In 5 weeks, these little guys have tripled in size, have grown most of their feathers and can fly 2 to 4 feet high. Their energy is catching and I find myself watching them for long periods of time, smiling and full of awe with these wondrous little critters.
My initial research suggested this as a Khaki Campbell duck, but now at 3 months, both of these matching ducks appear to be Roen females.
A white duck and its 3 siblings are from Pekin stock. A meat bird with little or no broodiness, their eggs usually need to be incubated to hatch little guys. The little Cornish chicken just had to get in on the shot!
This pretty Toulouse goose was in perfect pose; I couldn't resist. There are 2; one is smaller overall with a smaller head, so I'm hoping they are a pair. This breed makes great parents and they so enjoy eating all the grasshoppers and goat-head seeds they can find.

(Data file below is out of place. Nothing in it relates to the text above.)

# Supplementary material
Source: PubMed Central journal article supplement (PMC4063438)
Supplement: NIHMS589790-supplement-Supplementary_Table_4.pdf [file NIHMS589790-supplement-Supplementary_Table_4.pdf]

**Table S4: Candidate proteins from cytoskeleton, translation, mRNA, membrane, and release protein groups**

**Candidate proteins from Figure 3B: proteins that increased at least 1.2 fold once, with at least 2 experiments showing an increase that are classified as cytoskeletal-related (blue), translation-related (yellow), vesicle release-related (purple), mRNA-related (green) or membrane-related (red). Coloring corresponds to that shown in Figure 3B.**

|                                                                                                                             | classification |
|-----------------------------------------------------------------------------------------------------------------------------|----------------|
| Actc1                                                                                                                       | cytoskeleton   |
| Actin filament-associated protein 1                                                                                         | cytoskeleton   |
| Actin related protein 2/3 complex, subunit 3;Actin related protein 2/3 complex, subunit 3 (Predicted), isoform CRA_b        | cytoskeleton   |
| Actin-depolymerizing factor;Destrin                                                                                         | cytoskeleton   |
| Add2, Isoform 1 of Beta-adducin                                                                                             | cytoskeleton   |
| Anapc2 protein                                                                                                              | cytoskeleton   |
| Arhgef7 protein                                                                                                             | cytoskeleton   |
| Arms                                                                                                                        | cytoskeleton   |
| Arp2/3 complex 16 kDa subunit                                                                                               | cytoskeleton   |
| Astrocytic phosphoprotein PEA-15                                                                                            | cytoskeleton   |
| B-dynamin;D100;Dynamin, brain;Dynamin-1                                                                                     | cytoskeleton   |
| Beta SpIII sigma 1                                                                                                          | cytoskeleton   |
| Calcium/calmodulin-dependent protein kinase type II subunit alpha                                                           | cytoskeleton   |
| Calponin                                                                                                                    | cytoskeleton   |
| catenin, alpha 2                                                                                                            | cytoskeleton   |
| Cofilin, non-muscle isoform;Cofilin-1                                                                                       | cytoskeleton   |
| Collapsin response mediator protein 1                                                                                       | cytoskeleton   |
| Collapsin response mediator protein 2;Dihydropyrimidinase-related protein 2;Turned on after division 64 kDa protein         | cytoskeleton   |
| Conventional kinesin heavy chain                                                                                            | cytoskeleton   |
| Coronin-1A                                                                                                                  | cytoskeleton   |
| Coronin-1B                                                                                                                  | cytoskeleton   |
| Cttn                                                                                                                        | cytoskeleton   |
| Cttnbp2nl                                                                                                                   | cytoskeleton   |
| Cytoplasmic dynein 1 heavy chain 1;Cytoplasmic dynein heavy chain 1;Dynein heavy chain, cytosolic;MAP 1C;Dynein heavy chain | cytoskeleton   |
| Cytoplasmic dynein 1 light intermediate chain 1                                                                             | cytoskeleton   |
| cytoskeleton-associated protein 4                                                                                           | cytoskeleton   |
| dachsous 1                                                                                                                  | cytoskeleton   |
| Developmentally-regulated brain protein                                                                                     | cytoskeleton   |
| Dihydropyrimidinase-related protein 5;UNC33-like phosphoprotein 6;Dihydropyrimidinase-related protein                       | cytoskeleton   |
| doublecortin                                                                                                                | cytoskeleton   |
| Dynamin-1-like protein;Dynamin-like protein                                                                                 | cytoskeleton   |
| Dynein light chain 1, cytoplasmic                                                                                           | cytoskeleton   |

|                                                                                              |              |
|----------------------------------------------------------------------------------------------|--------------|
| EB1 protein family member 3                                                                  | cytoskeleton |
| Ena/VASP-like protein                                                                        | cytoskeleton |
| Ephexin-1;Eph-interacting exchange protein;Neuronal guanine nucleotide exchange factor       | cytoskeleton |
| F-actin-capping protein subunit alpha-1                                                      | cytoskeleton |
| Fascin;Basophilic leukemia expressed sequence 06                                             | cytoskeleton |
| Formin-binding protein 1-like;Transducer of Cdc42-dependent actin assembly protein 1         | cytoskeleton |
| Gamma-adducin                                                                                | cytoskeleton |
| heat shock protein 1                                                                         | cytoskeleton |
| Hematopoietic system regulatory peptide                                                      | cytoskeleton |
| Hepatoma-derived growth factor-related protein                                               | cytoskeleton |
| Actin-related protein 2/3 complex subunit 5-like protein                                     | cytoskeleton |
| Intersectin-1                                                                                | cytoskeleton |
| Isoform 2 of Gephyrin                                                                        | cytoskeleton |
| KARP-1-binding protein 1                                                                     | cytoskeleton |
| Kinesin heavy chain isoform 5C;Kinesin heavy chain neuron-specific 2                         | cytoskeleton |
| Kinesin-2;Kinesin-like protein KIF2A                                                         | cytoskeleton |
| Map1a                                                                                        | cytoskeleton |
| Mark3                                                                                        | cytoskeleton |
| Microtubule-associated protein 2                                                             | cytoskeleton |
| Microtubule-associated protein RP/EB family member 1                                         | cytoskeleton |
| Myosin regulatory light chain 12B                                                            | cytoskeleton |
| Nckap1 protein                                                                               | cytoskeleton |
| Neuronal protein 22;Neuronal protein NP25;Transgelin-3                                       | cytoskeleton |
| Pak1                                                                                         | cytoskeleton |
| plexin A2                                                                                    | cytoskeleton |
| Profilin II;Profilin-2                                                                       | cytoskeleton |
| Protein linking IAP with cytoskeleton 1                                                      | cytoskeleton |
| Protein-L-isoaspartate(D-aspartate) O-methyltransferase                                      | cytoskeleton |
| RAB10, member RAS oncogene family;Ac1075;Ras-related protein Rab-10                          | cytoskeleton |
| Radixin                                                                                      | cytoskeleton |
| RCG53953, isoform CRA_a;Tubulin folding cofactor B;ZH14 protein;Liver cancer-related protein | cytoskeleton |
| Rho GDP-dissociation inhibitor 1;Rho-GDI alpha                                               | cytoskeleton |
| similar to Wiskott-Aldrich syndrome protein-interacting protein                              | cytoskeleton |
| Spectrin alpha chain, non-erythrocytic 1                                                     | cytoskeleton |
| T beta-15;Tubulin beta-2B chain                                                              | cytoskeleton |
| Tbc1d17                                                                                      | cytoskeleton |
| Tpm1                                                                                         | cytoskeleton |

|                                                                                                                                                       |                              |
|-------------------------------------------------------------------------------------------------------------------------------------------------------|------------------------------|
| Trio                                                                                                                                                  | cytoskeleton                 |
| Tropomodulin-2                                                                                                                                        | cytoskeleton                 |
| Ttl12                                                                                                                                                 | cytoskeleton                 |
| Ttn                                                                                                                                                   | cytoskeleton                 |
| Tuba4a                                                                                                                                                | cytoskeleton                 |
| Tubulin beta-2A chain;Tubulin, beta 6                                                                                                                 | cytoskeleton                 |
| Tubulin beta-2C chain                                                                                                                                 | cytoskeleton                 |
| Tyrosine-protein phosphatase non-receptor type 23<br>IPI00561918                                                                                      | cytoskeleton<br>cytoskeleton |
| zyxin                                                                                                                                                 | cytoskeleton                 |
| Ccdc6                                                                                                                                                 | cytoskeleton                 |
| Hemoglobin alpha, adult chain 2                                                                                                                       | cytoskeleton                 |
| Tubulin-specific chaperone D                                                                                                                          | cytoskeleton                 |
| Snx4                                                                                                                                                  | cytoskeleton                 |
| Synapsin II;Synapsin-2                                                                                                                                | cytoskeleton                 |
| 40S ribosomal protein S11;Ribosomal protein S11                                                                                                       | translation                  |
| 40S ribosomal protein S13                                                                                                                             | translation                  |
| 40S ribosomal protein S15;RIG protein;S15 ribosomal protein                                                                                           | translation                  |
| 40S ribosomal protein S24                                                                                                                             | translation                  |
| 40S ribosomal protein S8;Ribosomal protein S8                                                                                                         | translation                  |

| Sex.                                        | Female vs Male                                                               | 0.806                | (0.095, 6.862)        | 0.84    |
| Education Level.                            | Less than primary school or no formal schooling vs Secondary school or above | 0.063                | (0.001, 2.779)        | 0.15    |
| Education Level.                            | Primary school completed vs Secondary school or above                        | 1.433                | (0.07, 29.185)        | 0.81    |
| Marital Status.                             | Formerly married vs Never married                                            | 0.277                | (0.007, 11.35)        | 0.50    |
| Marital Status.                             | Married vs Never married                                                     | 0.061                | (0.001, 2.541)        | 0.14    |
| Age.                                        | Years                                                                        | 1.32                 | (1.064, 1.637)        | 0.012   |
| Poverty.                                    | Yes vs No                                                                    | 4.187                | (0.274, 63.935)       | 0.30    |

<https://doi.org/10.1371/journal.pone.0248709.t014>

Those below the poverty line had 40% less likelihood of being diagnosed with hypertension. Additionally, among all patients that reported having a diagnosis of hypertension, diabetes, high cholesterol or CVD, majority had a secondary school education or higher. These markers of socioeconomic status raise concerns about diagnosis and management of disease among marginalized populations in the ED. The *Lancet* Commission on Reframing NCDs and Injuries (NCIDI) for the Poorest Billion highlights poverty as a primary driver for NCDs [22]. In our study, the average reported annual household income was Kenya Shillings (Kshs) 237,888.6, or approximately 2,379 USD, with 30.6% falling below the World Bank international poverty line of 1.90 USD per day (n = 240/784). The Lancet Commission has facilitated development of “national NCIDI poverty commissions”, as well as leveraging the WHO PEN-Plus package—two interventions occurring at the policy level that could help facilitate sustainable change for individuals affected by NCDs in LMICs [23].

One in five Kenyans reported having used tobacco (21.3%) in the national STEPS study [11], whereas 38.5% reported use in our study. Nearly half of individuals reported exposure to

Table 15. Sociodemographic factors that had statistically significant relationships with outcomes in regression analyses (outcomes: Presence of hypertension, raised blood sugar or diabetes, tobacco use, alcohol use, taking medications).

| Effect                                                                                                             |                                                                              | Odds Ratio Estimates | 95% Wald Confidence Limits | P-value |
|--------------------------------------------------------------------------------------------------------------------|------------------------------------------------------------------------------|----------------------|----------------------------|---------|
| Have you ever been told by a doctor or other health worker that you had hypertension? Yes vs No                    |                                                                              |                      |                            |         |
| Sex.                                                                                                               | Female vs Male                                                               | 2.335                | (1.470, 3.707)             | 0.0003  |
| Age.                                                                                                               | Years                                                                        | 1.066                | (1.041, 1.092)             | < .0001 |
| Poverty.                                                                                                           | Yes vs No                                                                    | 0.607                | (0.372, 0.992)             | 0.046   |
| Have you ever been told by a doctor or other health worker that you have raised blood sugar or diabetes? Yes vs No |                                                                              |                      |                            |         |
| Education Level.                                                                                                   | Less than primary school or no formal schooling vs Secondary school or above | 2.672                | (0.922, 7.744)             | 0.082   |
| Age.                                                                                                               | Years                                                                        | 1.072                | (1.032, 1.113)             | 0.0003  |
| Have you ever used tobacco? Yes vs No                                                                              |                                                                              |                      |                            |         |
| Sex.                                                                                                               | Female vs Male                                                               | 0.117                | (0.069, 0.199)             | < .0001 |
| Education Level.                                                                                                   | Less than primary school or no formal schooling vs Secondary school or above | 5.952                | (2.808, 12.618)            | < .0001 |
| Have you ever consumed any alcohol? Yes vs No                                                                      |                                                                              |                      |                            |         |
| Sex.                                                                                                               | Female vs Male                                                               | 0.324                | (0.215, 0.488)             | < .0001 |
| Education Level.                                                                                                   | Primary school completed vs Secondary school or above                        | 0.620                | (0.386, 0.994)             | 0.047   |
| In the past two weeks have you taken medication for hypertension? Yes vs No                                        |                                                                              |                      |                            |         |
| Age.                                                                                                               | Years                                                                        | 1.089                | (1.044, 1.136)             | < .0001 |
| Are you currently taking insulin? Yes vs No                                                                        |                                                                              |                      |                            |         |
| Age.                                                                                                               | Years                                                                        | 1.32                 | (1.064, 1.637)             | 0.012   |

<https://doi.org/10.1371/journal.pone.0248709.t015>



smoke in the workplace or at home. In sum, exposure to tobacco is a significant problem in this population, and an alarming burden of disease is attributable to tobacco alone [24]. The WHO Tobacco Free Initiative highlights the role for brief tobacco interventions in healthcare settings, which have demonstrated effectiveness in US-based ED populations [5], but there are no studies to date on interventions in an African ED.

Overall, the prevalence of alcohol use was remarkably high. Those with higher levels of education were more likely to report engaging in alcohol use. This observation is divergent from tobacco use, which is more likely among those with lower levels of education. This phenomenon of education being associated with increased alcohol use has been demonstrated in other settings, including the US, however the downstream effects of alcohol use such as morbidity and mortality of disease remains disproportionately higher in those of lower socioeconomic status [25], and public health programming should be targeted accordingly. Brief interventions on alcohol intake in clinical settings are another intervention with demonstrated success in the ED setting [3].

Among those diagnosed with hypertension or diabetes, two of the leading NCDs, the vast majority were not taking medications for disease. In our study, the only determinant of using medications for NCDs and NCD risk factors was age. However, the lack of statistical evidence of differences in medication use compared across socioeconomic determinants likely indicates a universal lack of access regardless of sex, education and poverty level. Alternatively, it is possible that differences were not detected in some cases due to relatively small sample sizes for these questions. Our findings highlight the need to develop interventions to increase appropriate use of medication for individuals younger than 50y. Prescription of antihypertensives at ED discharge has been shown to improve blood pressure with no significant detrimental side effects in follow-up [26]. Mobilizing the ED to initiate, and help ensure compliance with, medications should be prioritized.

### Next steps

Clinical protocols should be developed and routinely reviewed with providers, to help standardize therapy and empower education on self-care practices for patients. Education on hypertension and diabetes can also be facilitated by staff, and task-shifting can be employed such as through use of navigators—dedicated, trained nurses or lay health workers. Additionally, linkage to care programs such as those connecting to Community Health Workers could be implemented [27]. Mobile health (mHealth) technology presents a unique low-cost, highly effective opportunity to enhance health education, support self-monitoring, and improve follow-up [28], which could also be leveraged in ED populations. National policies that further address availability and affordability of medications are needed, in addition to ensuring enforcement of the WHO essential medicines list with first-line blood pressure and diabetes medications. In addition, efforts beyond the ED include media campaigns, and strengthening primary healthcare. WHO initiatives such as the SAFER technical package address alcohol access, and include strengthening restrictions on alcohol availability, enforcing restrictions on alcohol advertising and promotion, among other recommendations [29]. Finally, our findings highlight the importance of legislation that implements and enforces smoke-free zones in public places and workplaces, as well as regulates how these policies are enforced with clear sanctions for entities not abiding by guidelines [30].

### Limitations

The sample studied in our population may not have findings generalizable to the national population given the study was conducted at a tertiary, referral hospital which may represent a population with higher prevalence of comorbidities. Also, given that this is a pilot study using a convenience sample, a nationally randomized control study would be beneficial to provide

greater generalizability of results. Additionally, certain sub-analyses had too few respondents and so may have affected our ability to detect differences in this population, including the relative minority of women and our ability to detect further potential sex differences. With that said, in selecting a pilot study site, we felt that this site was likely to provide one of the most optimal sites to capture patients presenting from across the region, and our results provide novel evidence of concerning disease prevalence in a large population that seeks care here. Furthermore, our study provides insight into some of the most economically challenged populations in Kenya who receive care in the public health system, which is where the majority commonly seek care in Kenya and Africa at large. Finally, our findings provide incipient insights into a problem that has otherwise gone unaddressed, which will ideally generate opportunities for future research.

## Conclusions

A Backyard Poultry article a few months ago explained how you can let your chickens do the hard work of turning your compost. By allowing them access to it, they'll scratch through it, accomplishing most of the turning while speeding up the ripening process.
The compost bed pictured above took only a couple hours of work today and some leftover, old lumber garnered from a generous contractor/construction site. Made mostly of 2 X 4s, I added 2 removable shelves on the two short sides. The chicken waterers will reside there so any spilled water will help keep moisture in the compost pile, as well as being a handy surface to rinse and refill these containers. Being off the ground will keep the water cleaner since chickens have a bad habit of scratching dirt into their water. I engineered this compost bed around an elm tree so it, too, will get plenty of water from the daily container changes.
Aside from racing a thunderstorm with tool pickup, our day was fun, productive and will help keep our chicken flock happy.
As always, Nature prevails.